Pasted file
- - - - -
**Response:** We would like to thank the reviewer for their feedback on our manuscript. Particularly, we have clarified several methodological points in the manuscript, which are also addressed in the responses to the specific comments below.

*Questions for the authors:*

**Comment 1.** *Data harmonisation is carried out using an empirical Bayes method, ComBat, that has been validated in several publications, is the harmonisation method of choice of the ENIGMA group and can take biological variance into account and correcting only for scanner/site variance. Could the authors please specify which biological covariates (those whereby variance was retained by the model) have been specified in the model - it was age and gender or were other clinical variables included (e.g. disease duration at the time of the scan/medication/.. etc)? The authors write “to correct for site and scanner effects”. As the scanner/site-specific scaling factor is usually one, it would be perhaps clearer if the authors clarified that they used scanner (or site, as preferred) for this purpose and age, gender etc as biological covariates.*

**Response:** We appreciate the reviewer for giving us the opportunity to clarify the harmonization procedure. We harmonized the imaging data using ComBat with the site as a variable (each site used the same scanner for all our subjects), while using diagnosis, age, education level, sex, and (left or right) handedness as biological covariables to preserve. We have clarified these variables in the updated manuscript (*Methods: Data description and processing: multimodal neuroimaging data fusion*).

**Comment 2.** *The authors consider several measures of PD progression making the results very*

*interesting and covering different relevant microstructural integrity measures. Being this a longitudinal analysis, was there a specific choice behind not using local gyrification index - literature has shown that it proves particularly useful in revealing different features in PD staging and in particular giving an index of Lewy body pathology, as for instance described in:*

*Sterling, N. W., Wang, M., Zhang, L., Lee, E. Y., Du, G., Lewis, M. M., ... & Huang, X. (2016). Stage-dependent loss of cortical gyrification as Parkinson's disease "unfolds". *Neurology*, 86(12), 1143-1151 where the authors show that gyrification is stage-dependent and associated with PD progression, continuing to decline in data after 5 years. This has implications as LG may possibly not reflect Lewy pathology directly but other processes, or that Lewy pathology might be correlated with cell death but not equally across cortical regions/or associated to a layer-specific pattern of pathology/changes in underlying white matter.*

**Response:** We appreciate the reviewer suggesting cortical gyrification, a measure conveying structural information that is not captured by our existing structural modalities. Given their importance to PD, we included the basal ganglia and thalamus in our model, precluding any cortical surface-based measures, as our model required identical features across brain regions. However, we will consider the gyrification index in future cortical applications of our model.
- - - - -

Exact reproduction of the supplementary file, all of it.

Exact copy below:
**Response:** We would like to thank the reviewer for their feedback on our manuscript. Particularly, we have clarified several methodological points in the manuscript, which are also addressed in the responses to the specific comments below.

*Questions for the authors:*

**Comment 1.** *Data harmonisation is carried out using an empirical Bayes method, ComBat, that has been validated in several publications, is the harmonisation method of choice of the ENIGMA group and can take biological variance into account and correcting only for scanner/site variance. Could the authors please specify which biological covariates (those whereby variance was retained by the model) have been specified in the model - it was age and gender or were other clinical variables included (e.g. disease duration at the time of the scan/medication/.. etc)? The authors write “to correct for site and scanner effects”. As the scanner/site-specific scaling factor is usually one, it would be perhaps clearer if the authors clarified that they used scanner (or site, as preferred) for this purpose and age, gender etc as biological covariates.*

**Response:** We appreciate the reviewer for giving us the opportunity to clarify the harmonization procedure. We harmonized the imaging data using ComBat with the site as a variable (each site used the same scanner for all our subjects), while using diagnosis, age, education level, sex, and (left or right) handedness as biological covariables to preserve. We have clarified these variables in the updated manuscript (*Methods: Data description and processing: multimodal neuroimaging data fusion*).

**Comment 2.** *The authors consider several measures of PD progression making the results very*

*interesting and covering different relevant microstructural integrity measures. Being this a longitudinal analysis, was there a specific choice behind not using local gyrification index - literature has shown that it proves particularly useful in revealing different features in PD staging and in particular giving an index of Lewy body pathology, as for instance described in:*

*Sterling, N. W., Wang, M., Zhang, L., Lee, E. Y., Du, G., Lewis, M. M., ... & Huang, X. (2016). Stage-dependent loss of cortical gyrification as Parkinson's disease "unfolds". *Neurology*, 86(12), 1143-1151 where the authors show that gyrification is stage-dependent and associated with PD progression, continuing to decline in data after 5 years. This has implications as LG may possibly not reflect Lewy pathology directly but other processes, or that Lewy pathology might be correlated with cell death but not equally across cortical regions/or associated to a layer-specific pattern of pathology/changes in underlying white matter.*

**Response:** We appreciate the reviewer suggesting cortical gyrification, a measure conveying structural information that is not captured by our existing structural modalities. Given their importance to PD, we included the basal ganglia and thalamus in our model, precluding any cortical surface-based measures, as our model required identical features across brain regions. However, we will consider the gyrification index in future cortical applications of our model.